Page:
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The Honolulu Advertiser

Posted on: Tuesday, August 31, 2004

GOP shows unity, post-9/11 resolve

 •  Hawai'i puts its mark on New York
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By Jeff Zeleny
Chicago Tribune

NEW YORK — The Republican Party opened its national convention yesterday in the shadow of the country's deadliest terrorist attack, invoking the sentiment and resolve of that September morning three years ago as the chief reason Americans should not replace President Bush during a time of war.

Hawai'i state Rep. Barbara Marumoto places a lei on the state standard in Madison Square Garden on the first day of the GOP convention in New York. Hawai'i sent 20 delegates to the convention.

Associated Press photos

Four miles from Ground Zero, a symbol that transformed Bush's presidency, former New York City Mayor Rudolph Giuliani and Arizona Sen. John McCain delivered prime-time testimonials defending Bush's policies and portraying him as a more decisive leader than Democrat John Kerry.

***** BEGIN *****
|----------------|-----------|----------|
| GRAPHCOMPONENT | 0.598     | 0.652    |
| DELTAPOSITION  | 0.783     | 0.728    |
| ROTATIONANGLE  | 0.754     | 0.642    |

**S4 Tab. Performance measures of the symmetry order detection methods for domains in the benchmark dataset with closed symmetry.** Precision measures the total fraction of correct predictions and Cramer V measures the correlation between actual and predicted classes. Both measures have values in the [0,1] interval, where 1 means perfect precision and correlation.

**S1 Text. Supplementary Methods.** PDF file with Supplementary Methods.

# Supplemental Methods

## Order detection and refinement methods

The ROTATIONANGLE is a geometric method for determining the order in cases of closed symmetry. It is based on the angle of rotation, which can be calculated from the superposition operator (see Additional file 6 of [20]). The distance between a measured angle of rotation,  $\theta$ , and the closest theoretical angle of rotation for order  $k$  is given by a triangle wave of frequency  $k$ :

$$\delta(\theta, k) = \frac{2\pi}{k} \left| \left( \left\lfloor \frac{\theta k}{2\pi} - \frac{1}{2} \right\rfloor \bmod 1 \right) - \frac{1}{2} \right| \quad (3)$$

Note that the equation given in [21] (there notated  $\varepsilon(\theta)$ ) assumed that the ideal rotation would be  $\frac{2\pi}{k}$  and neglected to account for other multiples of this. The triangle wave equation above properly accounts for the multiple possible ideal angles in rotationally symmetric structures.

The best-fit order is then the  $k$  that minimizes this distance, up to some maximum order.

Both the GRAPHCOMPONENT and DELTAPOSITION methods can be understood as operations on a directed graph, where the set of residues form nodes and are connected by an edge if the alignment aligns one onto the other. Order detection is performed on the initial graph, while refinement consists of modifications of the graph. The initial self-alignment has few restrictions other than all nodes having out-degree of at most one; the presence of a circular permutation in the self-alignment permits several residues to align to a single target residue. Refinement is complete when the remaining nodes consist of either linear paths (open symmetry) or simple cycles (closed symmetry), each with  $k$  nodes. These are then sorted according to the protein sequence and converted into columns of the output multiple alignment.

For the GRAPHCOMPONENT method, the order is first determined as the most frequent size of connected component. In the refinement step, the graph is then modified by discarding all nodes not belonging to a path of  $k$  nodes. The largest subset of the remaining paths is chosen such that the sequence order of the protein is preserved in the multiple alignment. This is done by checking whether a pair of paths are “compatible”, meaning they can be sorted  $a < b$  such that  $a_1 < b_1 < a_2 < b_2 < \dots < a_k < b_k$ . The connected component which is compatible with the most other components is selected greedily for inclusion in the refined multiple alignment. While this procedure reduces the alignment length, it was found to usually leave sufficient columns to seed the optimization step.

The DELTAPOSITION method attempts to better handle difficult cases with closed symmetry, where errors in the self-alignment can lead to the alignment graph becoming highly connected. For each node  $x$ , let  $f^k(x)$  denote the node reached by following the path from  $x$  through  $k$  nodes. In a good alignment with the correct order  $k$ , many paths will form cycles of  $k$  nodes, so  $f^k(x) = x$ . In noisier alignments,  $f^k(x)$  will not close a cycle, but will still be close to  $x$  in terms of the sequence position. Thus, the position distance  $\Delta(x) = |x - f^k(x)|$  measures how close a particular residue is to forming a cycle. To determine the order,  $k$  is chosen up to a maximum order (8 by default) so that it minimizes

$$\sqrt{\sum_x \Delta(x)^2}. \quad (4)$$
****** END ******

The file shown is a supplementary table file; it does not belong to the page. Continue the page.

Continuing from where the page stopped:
Gathering in Madison Square Garden under an umbrella of unprecedented security and unshakable unity, the party paid tribute to the Sept. 11 victims as Giuliani and McCain spoke with emotion about the strength of Bush's leadership, aiming to win over independent voters who could break the deadlocked race.

"In choosing a president, we really don't choose just a Republican or Democrat, a conservative or a liberal. We choose a leader," Giuliani said. "And in times of war and danger, as we're now in, Americans should put leadership at the core of their decision."

As the president campaigned through battleground states on his way to New York City, stopping yesterday in New Hampshire and Michigan, he told a television interviewer the war on terror cannot be won in the conventional sense of a victory. Even as aides tried to clarify his remark so it would not interrupt a carefully choreographed week, it was the latest in a series of statements that seemed designed to lower expectations before the election.

For the first time in party history, Republicans selected New York City to stage their nominating convention, allowing the White House to highlight the less controversial days of Bush's war on terrorism. As antiwar protests outside Madison Square Garden cooled one day after a massive rally, McCain sought to assure Americans the president's decision to invade and occupy Iraq was "necessary, achievable and noble."

Arizona Sen. John McCain

Former New York City Mayor Rudolph Giuliani